After going to the Great Wall of China, we went to the Ming Tombs. While the first Ming dynasty emperor’s tomb is near his capital in Nanjing, the rest of the Ming emperors’ tombs are in clusters near Beijing, and collectively these are known as the Ming Tombs. Presently there are 3 tombs open to the public: Changling Tomb (3rd Ming emperor), Dingling Tomb (13th Ming emperor) and Zhaoling Tomb (12th Ming emperor).
The last thing for the day is the Sacred Way! The Sacred Way is the entrance to all the tombs and was believed to be the road leading the heaven. It’s lined with some gorgeous stone statues all with different meanings - for instance, there is the xiezhi (a Chinese unicorn) which wards off evil spirits.
Day 4: Lama Temple and Summer Palace
In the morning of day 4, we went to the Lama Temple. The Yonghe Lamasery, also known as just the Lama Temple, is considered the largest and most preserved lamasery in modern day China. It is now the national centre of Lamas.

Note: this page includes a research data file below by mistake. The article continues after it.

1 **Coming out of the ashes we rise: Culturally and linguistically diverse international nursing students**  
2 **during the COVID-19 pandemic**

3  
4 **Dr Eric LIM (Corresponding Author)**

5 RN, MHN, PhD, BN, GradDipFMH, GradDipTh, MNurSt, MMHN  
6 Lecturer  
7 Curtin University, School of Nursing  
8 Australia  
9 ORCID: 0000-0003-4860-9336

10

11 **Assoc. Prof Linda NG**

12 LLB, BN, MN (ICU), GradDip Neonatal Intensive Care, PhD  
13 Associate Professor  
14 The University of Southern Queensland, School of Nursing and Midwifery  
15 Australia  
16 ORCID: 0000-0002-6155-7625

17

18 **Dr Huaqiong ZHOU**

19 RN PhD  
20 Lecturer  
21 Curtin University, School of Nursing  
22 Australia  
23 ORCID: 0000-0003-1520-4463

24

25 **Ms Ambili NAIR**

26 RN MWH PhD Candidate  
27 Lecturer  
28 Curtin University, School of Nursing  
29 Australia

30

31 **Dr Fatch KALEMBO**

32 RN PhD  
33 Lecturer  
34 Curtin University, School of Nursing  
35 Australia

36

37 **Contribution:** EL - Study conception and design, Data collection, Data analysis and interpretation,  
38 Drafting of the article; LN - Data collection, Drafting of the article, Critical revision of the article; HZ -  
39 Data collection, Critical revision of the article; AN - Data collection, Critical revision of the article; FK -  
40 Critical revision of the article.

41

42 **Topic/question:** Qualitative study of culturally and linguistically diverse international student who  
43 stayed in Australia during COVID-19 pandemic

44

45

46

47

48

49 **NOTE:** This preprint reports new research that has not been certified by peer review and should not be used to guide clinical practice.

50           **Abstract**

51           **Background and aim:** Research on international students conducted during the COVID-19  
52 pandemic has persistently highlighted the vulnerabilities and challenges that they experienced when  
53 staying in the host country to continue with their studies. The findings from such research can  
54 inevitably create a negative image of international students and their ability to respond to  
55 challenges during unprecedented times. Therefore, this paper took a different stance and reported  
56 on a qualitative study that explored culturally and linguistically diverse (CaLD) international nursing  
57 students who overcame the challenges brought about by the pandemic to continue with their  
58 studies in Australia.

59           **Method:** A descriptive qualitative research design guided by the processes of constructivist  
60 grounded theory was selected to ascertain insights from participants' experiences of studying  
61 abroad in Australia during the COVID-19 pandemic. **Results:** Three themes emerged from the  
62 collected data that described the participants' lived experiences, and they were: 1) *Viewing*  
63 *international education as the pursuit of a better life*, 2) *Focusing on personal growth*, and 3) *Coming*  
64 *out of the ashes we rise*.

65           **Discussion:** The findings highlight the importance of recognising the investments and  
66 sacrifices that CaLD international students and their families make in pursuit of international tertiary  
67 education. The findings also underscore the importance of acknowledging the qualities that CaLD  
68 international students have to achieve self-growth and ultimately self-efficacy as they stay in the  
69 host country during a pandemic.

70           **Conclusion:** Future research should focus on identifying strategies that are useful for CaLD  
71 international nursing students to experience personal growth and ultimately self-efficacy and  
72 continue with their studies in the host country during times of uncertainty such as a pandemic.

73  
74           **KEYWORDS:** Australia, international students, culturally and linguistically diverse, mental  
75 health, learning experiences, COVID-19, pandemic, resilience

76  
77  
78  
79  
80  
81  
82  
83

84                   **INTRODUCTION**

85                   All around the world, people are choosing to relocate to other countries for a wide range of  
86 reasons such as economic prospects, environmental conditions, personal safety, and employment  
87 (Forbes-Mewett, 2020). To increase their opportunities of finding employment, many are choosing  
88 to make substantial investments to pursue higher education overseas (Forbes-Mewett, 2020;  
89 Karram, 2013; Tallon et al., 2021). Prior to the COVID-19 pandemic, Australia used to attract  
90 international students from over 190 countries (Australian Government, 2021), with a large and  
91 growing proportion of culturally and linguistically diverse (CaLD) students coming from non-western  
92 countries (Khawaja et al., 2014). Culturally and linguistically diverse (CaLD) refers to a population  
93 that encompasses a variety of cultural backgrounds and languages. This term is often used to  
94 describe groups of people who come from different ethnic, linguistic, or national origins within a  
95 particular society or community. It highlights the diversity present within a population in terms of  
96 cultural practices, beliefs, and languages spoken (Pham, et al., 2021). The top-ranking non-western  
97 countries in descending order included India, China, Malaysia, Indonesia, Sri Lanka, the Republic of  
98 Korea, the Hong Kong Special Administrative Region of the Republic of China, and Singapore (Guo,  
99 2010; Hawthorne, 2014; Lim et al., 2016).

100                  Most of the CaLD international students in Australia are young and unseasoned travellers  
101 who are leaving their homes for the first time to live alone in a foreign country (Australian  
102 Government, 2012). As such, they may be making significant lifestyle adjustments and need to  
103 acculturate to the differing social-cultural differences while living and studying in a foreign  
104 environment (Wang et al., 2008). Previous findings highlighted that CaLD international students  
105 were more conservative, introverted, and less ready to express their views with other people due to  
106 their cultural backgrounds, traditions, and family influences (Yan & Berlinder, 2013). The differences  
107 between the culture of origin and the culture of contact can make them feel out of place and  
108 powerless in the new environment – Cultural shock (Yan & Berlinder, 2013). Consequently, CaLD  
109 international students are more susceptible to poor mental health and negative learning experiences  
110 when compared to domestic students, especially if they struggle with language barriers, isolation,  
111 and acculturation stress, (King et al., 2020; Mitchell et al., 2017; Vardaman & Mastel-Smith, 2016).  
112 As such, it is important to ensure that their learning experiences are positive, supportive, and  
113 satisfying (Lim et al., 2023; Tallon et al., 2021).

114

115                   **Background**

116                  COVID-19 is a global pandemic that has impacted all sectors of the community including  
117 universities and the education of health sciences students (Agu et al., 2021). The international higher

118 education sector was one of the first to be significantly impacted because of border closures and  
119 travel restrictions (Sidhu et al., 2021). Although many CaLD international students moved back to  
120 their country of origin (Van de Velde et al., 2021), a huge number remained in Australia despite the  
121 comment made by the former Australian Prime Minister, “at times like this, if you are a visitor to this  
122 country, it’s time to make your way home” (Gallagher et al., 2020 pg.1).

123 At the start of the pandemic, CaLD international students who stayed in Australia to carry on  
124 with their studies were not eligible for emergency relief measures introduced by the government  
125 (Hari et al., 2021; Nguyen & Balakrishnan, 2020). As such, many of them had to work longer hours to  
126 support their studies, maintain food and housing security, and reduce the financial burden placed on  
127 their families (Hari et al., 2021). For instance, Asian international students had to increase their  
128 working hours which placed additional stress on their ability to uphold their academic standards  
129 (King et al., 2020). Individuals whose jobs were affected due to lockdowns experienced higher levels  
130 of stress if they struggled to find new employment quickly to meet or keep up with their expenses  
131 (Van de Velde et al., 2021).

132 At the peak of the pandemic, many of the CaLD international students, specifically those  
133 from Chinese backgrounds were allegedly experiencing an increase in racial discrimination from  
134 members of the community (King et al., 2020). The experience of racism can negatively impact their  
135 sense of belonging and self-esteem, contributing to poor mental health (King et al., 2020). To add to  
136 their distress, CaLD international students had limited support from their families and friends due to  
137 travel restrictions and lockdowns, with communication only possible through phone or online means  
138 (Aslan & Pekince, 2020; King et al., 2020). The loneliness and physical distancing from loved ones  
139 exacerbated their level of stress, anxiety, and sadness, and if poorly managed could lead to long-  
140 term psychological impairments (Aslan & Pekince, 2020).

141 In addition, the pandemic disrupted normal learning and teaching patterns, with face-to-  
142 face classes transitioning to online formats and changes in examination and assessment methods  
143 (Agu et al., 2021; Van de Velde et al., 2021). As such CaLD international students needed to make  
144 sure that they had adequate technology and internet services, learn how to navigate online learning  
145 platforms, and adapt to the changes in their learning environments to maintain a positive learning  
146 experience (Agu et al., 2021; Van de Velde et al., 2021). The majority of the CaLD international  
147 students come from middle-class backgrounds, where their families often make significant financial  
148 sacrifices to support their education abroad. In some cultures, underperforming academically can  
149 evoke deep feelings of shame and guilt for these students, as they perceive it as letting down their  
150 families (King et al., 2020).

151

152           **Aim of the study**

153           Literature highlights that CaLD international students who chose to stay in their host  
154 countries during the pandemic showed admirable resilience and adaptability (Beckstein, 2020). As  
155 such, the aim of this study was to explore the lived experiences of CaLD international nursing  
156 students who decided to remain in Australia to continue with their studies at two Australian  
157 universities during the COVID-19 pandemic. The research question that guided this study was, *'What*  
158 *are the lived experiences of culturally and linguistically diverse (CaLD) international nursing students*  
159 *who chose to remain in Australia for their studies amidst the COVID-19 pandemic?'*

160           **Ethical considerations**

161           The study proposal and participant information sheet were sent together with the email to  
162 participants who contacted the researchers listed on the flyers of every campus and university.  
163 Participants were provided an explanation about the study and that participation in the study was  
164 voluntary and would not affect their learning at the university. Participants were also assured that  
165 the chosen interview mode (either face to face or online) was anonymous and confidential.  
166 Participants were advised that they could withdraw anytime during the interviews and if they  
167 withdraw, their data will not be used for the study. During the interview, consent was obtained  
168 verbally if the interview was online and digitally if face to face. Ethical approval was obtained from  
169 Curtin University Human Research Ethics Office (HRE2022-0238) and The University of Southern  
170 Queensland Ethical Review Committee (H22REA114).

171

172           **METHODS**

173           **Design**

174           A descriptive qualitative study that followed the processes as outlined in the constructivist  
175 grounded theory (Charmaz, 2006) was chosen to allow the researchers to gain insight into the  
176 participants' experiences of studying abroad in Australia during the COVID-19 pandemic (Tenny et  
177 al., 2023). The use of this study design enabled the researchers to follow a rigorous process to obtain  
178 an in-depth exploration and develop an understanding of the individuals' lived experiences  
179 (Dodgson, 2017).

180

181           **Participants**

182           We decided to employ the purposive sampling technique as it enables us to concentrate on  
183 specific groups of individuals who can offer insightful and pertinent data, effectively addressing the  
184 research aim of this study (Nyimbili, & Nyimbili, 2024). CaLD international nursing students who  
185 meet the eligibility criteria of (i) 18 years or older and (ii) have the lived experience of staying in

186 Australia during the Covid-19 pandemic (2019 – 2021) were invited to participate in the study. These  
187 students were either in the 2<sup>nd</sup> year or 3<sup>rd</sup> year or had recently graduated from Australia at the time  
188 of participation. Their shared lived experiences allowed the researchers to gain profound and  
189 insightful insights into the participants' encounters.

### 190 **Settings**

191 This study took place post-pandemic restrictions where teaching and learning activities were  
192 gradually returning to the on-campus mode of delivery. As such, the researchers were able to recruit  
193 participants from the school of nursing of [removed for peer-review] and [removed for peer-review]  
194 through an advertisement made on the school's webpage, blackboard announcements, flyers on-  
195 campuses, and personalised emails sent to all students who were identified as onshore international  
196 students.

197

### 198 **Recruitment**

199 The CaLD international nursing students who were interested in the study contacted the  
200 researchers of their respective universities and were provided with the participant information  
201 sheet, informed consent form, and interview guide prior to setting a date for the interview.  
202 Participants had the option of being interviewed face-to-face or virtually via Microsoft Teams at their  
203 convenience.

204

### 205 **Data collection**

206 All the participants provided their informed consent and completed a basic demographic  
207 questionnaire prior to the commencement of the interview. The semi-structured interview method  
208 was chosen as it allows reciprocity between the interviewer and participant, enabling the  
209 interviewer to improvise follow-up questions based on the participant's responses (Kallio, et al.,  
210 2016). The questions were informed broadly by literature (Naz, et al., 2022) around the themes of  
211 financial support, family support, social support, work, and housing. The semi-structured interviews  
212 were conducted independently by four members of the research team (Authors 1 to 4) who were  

Then, in the afternoon, head to the Summer Palace. The Summer Palace is the largest royal park in China and was used as a luxurious retreat for members of the royal family. Towards the end of the Qing dynasty, it also became the official residence of the royal family. It’s survived (and been repaired afterward) multiple fires and destruction and was opened to the public from 1924. Again, you have limited time but the Summer Palace is absolutely HUGE! Even at the main lake in the park, Kunming Lake, the attractions are numerous! There’s the 17-arch bridge (it has 17 arches because it has 9 counting from either end, and 9 is the number symbolising the Emperor), and also the Marble Boat, a pavilion designed as a boat, just to name some famous parts of the lake.
Conclusion: Would we recommend Beijing?
Definitely! Beijing is both an ancient and modern city; it contains centuries and centuries of Chinese history and yet is a bustling city for business in China. What better place to start your adventures in China than in Beijing, its capital?